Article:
What are Articles of Incorporation?

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A company’s articles of incorporation are a legal document that establishes a corporation and provides the government with relevant information to allow it to do business.

🤔 Understanding articles of incorporation

When you create a new corporation, you have to file articles of incorporation with the appropriate government body. In the articles of incorporation, you share relevant information about the business. This information includes the name of the company, the address, the purpose for which you’re forming the corporation, and the name and address of the registered agent. The registered agent is the point of contact for matters related to the corporation. Once the corporation files the document, it is a legal entity, and the information in the articles is a matter of public record. Depending on your state, you may also have to submit corporation bylaws, where you describe how your company will run.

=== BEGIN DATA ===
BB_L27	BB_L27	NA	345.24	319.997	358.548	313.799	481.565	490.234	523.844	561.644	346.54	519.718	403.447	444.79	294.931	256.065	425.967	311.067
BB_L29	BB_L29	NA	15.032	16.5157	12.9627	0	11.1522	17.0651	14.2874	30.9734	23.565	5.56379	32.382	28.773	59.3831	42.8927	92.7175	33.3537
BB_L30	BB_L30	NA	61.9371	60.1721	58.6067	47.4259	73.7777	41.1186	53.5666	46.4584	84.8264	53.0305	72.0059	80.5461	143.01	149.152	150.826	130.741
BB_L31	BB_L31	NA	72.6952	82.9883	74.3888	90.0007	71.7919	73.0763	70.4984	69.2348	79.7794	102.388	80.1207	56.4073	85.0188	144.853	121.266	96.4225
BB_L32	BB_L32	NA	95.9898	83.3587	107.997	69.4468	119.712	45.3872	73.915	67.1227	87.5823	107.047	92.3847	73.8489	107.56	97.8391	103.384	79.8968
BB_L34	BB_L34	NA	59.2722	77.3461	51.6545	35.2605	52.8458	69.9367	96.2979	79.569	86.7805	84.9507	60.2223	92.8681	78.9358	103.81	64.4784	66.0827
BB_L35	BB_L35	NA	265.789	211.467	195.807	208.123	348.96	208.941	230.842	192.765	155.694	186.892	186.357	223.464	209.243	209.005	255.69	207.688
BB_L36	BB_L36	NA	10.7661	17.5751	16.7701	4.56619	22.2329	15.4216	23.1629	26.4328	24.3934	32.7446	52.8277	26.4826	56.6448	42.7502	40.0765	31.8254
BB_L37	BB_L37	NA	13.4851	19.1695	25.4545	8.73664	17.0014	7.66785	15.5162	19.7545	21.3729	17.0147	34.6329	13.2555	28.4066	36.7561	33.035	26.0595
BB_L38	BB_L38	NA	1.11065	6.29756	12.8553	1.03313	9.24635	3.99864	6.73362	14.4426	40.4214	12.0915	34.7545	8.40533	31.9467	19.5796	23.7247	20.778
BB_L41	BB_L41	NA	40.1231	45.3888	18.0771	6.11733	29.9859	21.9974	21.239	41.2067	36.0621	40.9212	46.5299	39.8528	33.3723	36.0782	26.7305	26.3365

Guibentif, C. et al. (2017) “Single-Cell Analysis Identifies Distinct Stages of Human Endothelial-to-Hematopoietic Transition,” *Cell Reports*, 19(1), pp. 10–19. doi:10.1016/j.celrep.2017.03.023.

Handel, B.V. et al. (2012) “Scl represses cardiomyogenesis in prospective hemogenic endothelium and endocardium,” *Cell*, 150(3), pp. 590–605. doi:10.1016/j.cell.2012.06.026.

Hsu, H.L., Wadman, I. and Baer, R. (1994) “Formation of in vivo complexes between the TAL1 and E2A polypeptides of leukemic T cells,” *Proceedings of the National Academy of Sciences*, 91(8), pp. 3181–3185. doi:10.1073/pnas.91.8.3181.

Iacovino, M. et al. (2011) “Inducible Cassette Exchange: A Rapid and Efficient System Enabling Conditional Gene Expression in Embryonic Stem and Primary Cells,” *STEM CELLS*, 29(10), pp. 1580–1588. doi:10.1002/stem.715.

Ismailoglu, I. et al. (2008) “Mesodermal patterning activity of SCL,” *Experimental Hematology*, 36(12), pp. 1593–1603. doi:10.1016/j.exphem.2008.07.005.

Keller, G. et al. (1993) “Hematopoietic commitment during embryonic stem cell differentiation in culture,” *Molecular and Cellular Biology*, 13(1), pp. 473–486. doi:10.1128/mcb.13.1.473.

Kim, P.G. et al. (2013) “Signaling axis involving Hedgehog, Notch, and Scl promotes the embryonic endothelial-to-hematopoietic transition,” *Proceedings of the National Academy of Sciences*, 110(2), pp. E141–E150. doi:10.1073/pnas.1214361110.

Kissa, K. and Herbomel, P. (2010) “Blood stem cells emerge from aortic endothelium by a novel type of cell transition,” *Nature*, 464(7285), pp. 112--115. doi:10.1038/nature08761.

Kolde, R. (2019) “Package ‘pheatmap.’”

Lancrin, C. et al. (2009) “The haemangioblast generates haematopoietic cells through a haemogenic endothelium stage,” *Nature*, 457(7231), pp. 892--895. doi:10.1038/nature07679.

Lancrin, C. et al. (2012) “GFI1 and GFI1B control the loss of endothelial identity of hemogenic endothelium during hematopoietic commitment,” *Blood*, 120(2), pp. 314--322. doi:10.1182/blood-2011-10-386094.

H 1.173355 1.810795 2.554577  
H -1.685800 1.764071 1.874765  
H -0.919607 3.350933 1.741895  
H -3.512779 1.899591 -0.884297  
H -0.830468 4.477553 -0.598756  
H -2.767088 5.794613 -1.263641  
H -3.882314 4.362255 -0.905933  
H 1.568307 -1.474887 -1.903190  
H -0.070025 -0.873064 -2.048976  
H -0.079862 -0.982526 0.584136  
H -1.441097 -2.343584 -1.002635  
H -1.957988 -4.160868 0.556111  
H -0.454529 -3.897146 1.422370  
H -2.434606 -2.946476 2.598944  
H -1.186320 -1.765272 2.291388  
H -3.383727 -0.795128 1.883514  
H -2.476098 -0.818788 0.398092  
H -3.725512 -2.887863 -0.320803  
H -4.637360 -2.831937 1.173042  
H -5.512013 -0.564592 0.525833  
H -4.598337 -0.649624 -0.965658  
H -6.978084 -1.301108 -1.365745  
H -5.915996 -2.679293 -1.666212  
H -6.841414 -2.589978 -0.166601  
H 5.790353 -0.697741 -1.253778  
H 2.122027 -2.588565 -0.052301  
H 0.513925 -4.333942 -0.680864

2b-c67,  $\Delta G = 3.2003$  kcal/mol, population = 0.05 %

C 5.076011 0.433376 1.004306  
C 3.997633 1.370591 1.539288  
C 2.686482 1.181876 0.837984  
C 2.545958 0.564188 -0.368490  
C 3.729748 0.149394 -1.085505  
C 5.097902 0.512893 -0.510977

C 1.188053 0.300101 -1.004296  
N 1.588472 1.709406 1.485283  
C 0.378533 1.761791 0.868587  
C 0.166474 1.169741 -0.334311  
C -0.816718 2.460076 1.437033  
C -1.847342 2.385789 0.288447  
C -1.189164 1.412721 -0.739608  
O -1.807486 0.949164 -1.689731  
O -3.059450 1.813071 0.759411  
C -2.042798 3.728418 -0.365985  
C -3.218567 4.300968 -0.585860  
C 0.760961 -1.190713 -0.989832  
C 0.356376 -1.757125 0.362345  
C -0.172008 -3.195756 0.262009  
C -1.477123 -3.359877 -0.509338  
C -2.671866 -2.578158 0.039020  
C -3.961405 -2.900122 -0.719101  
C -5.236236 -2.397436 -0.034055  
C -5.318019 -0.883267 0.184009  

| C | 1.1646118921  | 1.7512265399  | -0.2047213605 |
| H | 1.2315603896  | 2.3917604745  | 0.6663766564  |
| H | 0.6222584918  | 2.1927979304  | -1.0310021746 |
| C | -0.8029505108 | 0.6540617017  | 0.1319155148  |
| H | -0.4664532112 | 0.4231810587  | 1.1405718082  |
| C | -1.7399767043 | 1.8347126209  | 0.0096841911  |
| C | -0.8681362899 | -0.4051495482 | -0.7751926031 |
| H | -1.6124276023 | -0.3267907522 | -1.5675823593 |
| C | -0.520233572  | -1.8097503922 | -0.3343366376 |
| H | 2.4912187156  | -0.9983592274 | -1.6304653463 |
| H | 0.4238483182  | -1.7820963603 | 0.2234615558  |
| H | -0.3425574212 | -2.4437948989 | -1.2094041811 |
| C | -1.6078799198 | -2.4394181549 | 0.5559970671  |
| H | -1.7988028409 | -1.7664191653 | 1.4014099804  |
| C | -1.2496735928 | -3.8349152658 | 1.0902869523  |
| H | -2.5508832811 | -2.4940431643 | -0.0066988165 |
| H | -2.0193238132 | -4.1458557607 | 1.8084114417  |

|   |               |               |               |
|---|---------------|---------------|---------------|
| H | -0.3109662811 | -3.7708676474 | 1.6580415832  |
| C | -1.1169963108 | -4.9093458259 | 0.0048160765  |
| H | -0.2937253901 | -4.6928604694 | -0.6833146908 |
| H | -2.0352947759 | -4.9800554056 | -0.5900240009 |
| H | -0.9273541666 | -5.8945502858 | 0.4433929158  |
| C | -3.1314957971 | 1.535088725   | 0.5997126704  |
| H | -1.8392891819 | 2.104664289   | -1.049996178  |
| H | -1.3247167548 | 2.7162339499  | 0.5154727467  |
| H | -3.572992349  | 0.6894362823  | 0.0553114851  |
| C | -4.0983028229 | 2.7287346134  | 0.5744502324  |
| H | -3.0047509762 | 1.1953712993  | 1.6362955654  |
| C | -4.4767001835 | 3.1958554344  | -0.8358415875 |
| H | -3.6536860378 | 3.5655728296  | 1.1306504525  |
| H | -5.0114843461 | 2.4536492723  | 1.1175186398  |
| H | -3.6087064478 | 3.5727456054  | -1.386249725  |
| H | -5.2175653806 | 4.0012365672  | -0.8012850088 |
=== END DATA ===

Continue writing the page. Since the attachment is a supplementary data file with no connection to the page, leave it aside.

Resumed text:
Jane has opened her new (fictional) business, Downtown Books. Jane decides to incorporate her business, so she has to file articles of incorporation with her state’s secretary of state. Jane shares the name and location of her company. She also shares her name and address as the registered agent. Once the filing is complete, Downtown Books is now legally able to do business in her state.


Filing articles of incorporation is like registering for college…

Once you’ve registered for college, you’re allowed to begin taking classes. Your registration paperwork tells the school everything relevant they need to know about you. Similarly, filing your articles of incorporation tells your state everything they need to know about you and gives you the right to do business in your state.